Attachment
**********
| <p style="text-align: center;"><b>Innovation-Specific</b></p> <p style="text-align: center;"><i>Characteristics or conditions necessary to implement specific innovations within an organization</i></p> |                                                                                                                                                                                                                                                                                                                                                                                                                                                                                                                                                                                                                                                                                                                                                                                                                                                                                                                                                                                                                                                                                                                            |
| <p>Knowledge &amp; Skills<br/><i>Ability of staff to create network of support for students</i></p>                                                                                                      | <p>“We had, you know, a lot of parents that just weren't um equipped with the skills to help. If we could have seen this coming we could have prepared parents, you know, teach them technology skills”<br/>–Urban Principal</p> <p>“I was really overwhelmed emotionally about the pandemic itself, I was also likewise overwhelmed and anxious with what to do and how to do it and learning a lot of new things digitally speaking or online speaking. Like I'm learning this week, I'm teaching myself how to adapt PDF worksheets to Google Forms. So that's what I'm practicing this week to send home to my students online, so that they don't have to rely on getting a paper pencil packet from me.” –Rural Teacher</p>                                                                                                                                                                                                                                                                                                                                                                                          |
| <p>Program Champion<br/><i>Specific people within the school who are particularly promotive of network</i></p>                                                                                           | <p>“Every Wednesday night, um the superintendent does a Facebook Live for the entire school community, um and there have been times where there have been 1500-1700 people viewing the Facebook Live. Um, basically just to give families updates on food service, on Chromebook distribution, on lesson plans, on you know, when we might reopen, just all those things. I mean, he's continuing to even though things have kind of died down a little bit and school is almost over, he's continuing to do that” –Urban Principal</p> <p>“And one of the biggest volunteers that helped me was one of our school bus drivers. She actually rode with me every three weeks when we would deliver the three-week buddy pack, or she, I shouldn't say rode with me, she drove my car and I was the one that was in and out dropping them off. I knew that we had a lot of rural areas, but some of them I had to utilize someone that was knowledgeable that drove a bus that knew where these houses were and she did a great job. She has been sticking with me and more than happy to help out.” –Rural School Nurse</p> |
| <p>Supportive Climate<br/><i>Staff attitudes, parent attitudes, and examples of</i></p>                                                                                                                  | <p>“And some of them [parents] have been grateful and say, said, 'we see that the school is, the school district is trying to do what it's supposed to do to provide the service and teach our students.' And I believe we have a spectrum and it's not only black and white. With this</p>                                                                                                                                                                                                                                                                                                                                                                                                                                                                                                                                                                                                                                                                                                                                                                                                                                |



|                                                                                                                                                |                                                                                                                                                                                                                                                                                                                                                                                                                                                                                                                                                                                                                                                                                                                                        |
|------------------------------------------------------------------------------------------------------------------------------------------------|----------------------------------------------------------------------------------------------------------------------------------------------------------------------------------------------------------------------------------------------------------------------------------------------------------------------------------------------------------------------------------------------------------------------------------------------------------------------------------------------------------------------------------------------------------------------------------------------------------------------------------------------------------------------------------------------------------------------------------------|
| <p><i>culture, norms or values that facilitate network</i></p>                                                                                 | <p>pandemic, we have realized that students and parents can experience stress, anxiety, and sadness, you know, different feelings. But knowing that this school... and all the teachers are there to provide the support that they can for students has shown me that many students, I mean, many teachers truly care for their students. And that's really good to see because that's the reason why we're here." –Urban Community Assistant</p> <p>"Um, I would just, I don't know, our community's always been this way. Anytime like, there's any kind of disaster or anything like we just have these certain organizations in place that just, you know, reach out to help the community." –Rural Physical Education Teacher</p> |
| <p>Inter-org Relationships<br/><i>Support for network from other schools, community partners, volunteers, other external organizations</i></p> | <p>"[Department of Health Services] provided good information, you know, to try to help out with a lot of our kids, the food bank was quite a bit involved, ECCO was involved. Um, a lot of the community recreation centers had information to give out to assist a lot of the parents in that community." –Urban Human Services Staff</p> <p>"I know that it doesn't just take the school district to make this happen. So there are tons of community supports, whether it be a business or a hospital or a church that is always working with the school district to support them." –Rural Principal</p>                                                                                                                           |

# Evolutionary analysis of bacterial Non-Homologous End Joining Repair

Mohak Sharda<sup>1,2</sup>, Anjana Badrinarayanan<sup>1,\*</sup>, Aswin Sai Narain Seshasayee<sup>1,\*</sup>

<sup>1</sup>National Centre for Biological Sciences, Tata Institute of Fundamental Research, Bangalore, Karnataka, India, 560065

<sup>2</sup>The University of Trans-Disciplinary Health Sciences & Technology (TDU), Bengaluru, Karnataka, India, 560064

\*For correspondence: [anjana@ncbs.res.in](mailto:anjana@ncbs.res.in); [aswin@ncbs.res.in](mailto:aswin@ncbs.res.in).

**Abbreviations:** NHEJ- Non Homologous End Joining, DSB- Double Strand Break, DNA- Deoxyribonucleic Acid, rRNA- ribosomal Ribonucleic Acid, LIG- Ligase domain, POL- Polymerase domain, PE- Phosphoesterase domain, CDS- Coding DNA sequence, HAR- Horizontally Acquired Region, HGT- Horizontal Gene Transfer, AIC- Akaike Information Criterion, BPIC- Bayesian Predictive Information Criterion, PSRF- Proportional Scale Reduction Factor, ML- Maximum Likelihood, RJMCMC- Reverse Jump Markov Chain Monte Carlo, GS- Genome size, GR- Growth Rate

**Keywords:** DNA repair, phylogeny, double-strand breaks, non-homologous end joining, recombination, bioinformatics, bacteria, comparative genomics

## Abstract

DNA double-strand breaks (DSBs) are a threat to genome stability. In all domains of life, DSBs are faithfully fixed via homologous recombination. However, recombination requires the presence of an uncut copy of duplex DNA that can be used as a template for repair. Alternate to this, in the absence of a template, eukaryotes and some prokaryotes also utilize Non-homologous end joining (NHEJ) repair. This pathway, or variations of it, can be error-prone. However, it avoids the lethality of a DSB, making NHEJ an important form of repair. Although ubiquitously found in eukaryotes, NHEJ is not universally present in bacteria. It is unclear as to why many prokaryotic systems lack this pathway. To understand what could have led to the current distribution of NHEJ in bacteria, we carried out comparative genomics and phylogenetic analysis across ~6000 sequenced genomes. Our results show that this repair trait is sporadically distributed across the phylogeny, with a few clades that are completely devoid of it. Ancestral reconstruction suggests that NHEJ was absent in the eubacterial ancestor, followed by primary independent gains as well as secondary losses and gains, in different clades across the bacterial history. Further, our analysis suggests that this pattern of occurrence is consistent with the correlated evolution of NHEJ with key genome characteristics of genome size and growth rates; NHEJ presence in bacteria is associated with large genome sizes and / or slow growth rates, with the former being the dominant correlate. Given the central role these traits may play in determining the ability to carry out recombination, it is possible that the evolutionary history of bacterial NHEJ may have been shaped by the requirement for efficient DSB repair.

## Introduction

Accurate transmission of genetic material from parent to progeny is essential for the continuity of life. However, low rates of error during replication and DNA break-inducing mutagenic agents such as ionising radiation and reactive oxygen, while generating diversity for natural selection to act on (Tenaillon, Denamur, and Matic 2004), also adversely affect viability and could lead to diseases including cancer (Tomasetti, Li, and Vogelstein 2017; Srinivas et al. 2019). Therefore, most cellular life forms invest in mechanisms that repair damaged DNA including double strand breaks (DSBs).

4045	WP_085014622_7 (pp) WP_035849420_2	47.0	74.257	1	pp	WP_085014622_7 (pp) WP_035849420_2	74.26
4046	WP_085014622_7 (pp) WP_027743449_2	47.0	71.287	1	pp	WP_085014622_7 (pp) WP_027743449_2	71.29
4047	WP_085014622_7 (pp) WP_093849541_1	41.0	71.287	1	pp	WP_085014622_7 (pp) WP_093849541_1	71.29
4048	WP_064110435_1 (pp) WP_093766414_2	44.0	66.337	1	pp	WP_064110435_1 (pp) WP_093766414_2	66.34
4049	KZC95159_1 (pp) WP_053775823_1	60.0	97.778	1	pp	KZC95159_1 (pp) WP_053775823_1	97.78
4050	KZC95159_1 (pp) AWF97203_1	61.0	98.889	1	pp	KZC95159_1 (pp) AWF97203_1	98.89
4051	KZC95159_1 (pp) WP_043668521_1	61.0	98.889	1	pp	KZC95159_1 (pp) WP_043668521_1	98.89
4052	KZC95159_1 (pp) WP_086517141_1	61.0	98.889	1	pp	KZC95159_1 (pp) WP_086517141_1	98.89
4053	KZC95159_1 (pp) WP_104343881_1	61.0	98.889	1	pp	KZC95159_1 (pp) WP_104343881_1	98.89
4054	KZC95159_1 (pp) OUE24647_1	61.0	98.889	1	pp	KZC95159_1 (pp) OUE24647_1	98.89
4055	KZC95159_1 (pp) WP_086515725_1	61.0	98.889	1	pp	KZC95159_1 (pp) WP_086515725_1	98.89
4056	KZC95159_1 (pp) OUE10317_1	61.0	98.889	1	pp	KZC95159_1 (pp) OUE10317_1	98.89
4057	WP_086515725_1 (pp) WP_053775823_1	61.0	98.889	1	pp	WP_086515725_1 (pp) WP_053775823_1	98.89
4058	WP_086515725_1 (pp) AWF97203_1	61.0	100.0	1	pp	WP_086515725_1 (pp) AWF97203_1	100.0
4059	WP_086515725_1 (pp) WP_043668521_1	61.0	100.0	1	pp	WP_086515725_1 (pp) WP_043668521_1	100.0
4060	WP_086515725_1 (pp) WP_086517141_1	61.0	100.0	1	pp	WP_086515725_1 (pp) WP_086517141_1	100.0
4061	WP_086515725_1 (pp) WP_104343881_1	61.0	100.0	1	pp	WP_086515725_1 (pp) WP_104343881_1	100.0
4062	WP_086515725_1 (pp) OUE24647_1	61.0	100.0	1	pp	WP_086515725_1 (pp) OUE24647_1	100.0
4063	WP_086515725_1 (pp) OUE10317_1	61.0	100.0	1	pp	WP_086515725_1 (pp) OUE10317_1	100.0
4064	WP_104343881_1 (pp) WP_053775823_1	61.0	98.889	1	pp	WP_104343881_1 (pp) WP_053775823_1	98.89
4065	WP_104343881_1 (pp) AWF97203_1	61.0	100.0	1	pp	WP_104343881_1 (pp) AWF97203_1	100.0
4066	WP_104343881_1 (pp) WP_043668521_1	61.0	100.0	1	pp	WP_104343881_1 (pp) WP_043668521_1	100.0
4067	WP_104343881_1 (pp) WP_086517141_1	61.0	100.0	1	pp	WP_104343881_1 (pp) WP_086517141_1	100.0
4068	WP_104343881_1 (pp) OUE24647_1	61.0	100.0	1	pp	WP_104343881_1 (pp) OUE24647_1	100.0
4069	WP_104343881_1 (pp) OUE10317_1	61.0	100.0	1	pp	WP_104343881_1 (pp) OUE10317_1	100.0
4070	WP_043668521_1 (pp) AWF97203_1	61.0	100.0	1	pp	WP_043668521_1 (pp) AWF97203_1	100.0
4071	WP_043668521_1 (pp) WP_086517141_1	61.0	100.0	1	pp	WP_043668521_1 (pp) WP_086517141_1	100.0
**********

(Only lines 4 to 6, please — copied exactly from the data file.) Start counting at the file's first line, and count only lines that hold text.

| <p>Supportive Climate<br/><i>Staff attitudes, parent attitudes, and examples of</i></p>                                                                                                                  | <p>“And some of them [parents] have been grateful and say, said, 'we see that the school is, the school district is trying to do what it's supposed to do to provide the service and teach our students.' And I believe we have a spectrum and it's not only black and white. With this</p>                                                                                                                                                                                                                                                                                                                                                                                                                                                                                                                                                                                                                                                                                                                                                                                                                                |



|                                                                                                                                                |                                                                                                                                                                                                                                                                                                                                                                                                                                                                                                                                                                                                                                                                                                                                        |
|------------------------------------------------------------------------------------------------------------------------------------------------|----------------------------------------------------------------------------------------------------------------------------------------------------------------------------------------------------------------------------------------------------------------------------------------------------------------------------------------------------------------------------------------------------------------------------------------------------------------------------------------------------------------------------------------------------------------------------------------------------------------------------------------------------------------------------------------------------------------------------------------|